And yet, once again, that kind of deep awareness, presence, and love is uncommon among Westerners. While the ‘mindfulness movement’ gains momentum, the underlying psychology in Western countries, from a mindful point of view, is the same as it has been: rushing, business, distractedness, self-absorption, image-obsession, etc., etc. It is often reported that people struggle to sit still for a few minutes at a time, doing nothing, or are perturbed by just being in silence. This is no one’s fault, and there’s not even anything wrong with this (and certainly not anything wrong with the people who have experienced this). It’s just an example of how different the Western psyche is from the psyche of some of the Tibetan population, with respect to mindfulness.
Well, what do we in the West have going for us that these other cultures don’t? Perhaps many things, but an external observer would have to say, if they were to get to the core of ‘Western excellence,’ that it involves our intellect, imagination, and mind-based creativity. It has to do with technology, art, literature, science, philosophy; critical analysis in general–all of these, and everything that stems from them.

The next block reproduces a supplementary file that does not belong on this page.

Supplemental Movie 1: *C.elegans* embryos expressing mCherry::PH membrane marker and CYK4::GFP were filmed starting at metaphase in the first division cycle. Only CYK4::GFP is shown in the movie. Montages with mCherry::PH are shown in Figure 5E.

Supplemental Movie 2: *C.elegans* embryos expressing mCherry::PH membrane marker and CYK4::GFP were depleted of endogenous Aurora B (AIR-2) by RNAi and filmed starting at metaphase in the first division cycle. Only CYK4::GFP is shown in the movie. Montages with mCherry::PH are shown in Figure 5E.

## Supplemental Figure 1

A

It’s really our capacity to see things in different ways and create whole new paradigms, theories, and artistic expressions that is our great virtue, and simultaneously, our hubris. As Alan Watts pointed out in his lectures and writings, the concentration of our (Western) consciousness in the “head-space” (from which all these good things derive) leads us to feel separate from the world and to use our knowledge to try and control it.
Nevertheless, the mind-based creativities or expressions are, indeed, our unique expression of human flourishing–granted that, nowadays, countries like China and Japan, in the East, are also excelling technologically and scientifically in a way that exceeds their Western counterparts. Even still, one would have to admit of something special being expressed in, say, Michelangelo’s Sistine Chapel paintings; a Beethoven symphony; the philosophy of Immanuel Kant; the scientific theories of Stephen Hawking. Call it ‘the crystallization of Western creative potential,’ or something less fancy; call it what you will. But the point is it’s real and it’s something that originates within the Western mind.